What Is A Transfer on Death Deed, and Do I Need One?

By in
1408
What Is A Transfer on Death Deed, and Do I Need One?

Transfer on Death Deeds transfer real property upon your death without the need of a Will.  If you have a Will, the Transfer on Death Deed means the real property covered in the Deed does not pass under the Will; and the probate court has no ability to award the property.  The property passes as you have designated in the Deed.  The real property passes outside of probate, and court costs associated with wrapping up an estate are avoided with respect to the real property.

What does Texas law define as real property?  Real property includes land and improvements, which are objects built on and attached to the land.  Houses are an example.  Real property also includes mineral rights.

The Transfer on Death Deed allows individuals age 55 or older to avoid the Medicaid Estate Recovery Program.  This program allows Medicaid to seek reimbursement from your probate estate (the part that passes under a Will) for nursing facility services, in-home care, and related hospital and drug services.  Current law provides property passed by a Transfer on Death Deed is exempted from Medicaid estate recovery.

A Transfer on Death Deed does not replace a Will.  A Will may still be important for you, especially if you want to give specific things to specific people or you own a lot of personal property.  A Transfer on Death Deed can only transfer real property – or real estate – not personal property. 

If you have both a Transfer on Death Deed and a Will, make sure they are consistent as to who receives your real estate.  If they are inconsistent, the Transfer on Death Deed controls.

A Transfer on Death Deed does not change your ownership rights.  The Deed does not take effect until you die.  Before you die, you can still sell the property, get loans on it, and maintain your tax exemptions.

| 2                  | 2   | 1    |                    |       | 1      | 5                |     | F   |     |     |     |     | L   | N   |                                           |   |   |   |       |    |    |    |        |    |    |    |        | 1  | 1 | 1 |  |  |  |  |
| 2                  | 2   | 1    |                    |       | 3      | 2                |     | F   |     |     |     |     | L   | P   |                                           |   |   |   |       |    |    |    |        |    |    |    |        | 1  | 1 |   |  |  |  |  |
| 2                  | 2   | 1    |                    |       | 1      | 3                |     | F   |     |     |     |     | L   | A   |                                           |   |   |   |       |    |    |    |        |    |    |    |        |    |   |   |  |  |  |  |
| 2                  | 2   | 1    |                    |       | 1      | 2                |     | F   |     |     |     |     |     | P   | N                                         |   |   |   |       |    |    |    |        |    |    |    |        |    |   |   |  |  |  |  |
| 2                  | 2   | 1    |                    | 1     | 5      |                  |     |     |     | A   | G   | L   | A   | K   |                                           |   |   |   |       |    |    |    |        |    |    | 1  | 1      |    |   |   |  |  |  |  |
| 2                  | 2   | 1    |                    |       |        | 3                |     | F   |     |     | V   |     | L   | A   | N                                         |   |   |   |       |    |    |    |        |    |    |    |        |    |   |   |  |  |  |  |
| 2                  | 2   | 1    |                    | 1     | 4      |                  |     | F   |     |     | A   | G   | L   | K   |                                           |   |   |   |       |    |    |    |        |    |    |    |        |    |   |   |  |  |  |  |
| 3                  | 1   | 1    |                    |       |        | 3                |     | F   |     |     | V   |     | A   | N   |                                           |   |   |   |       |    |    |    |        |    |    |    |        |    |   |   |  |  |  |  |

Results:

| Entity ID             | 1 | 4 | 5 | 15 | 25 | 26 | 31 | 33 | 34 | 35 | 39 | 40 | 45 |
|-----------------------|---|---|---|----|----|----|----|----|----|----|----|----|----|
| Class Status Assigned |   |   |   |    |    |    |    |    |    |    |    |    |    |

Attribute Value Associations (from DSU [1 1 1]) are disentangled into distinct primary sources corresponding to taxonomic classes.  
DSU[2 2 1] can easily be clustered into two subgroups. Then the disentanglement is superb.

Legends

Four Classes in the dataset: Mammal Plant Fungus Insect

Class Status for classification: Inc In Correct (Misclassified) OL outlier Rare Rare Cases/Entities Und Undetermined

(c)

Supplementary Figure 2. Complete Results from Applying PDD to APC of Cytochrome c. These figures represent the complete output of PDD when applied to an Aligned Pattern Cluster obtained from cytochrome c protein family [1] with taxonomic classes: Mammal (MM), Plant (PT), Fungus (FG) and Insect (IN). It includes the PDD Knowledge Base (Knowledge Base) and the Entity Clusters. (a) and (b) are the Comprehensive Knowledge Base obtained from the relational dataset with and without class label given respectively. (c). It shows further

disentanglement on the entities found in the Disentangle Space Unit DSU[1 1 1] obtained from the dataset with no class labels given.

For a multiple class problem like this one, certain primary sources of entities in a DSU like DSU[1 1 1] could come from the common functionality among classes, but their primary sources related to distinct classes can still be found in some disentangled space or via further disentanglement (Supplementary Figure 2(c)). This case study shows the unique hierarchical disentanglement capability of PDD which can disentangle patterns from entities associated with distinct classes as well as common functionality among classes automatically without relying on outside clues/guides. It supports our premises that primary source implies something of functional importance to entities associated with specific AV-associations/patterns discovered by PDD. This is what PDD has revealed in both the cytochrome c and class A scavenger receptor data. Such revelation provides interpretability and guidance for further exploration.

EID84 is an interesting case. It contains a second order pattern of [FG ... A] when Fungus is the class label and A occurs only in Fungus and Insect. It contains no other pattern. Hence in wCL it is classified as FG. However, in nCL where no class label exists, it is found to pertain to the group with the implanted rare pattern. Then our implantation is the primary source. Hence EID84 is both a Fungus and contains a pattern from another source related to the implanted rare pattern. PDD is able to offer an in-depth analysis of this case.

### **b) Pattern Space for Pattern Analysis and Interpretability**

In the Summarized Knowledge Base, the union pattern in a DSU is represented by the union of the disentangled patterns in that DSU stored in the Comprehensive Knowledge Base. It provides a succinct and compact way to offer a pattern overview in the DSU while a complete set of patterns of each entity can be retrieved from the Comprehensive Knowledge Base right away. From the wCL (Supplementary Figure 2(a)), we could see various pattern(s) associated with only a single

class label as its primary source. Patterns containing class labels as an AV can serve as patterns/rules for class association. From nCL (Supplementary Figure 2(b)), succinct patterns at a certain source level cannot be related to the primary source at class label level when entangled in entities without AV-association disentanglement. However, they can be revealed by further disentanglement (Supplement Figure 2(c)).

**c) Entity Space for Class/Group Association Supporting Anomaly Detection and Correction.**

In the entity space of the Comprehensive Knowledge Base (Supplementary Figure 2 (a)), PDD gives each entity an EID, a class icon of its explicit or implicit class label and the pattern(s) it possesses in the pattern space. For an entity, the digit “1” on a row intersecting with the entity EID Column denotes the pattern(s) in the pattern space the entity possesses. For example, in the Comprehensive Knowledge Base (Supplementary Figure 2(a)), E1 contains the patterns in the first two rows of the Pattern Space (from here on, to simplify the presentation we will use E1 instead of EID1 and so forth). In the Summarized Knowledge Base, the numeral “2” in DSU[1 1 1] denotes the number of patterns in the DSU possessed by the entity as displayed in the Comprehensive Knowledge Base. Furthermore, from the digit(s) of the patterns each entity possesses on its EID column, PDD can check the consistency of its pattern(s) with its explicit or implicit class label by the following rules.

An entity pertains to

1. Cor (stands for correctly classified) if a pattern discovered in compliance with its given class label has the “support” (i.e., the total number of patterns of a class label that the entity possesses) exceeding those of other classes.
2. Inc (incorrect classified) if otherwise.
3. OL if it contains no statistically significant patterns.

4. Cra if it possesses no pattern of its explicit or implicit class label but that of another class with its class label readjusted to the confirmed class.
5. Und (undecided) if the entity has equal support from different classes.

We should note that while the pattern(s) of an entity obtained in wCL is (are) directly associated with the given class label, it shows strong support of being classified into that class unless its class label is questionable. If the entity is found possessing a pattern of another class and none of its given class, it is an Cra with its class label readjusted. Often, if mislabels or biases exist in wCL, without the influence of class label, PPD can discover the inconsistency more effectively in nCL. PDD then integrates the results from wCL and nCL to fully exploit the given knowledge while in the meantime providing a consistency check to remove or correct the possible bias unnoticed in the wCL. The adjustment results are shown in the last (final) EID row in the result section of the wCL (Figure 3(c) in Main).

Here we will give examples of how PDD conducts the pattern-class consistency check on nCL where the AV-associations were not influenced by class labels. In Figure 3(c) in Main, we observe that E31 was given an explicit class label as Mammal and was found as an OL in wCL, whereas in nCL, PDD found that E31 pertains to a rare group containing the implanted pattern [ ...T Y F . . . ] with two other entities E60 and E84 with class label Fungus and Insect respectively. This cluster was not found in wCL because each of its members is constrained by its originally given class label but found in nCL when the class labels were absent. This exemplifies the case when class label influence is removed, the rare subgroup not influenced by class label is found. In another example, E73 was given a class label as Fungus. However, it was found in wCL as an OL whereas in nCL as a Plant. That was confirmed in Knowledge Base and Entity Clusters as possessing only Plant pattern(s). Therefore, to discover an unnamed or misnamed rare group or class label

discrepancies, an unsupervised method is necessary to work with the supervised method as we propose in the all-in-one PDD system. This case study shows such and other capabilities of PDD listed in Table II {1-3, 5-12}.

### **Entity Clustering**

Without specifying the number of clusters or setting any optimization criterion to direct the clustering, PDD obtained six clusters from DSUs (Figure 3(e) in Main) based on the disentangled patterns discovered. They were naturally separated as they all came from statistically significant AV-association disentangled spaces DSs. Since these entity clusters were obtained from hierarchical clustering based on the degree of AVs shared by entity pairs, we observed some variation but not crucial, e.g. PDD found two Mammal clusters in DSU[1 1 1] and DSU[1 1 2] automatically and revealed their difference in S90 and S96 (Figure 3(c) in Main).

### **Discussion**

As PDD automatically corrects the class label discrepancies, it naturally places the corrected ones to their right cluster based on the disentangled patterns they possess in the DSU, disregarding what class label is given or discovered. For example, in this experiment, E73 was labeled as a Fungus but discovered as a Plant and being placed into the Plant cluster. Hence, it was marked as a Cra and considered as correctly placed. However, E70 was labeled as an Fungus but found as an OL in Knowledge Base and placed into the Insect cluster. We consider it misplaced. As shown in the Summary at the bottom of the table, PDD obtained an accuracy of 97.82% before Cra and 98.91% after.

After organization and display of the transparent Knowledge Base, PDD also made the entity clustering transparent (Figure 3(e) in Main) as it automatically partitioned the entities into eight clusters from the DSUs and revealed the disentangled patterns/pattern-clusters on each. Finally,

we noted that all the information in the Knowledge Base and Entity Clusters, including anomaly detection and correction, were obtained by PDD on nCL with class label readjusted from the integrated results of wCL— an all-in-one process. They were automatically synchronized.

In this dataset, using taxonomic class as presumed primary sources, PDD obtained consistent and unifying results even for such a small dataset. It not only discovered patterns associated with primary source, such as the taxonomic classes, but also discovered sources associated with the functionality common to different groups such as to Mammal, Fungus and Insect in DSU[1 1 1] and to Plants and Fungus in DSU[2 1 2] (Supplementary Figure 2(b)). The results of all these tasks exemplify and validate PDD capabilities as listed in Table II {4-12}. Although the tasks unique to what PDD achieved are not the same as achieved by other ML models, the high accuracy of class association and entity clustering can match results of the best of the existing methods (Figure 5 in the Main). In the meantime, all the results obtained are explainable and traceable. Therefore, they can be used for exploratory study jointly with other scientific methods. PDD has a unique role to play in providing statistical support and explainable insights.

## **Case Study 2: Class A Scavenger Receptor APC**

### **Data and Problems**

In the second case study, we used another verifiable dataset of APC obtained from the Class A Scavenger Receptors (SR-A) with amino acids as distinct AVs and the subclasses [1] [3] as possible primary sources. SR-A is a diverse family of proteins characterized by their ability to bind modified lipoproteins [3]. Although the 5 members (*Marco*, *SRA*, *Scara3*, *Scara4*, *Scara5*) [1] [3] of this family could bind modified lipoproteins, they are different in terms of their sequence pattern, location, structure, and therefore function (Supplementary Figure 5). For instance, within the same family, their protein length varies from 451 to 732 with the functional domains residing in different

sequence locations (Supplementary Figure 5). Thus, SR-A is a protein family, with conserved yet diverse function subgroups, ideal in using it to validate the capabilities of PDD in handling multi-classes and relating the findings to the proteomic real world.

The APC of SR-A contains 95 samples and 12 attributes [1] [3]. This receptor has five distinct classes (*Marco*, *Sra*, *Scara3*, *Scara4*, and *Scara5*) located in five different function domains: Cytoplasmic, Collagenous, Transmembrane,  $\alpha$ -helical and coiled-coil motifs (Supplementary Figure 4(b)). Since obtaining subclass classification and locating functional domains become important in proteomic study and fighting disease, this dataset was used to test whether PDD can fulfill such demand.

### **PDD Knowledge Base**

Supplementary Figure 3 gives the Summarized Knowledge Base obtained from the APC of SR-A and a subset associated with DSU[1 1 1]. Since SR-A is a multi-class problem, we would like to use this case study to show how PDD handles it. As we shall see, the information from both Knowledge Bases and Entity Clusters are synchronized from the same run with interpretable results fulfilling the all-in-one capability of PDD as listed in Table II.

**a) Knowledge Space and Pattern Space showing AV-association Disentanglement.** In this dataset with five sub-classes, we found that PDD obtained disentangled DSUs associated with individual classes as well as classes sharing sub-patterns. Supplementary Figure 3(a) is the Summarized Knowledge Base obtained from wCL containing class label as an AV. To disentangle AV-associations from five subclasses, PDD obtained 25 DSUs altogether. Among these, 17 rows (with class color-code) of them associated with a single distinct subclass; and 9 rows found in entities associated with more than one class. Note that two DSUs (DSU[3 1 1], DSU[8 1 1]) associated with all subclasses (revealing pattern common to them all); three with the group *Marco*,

Equally as important, you may revoke a Transfer on Death Deed by several methods.  To be effective, a Transfer on Death Deed must be recorded with the County Clerk before the death of the grantor in the county in which the real property is located.  If you file a new Deed after you have filed the first one, then the first one is revoked.  You also can record a Cancellation of Transfer on Death Deed before the death of the grantor.  All filings must be made in the county where the real property is located.  Likewise, a divorce decree filed before the death of the grantor will invalidate a Transfer on Death Deed as to a spouse beneficiary.

As for taxes, property transferred with a Transfer on Death Deed will be treated the same way as real property transferred through probate.  Most estates incur no state or federal estate tax, but I would advise checking with me or your accountant to make sure for your individual circumstances.  The beneficiaries of the Deed also should get the “stepped up basis” (value on the date of death) in the real property and may owe no tax on receipt.

Transfer on Death Deeds are highly recommended if you want to avoid the probate costs associated with the transfer of real property.  They’re also recommended to protect your real estate from being subject to reimbursement from Medicaid.  They simplify the estate distribution process and provide flexibility without subjecting the grantor to undue risks or expenses.

If you want to know more, please contact me through my website at www.capertonwallinglaw.com.  Now is the time to put your affairs in order, and a Transfer on Death Deed could help you do that.

54321
(1 vote. Average 5 of 5)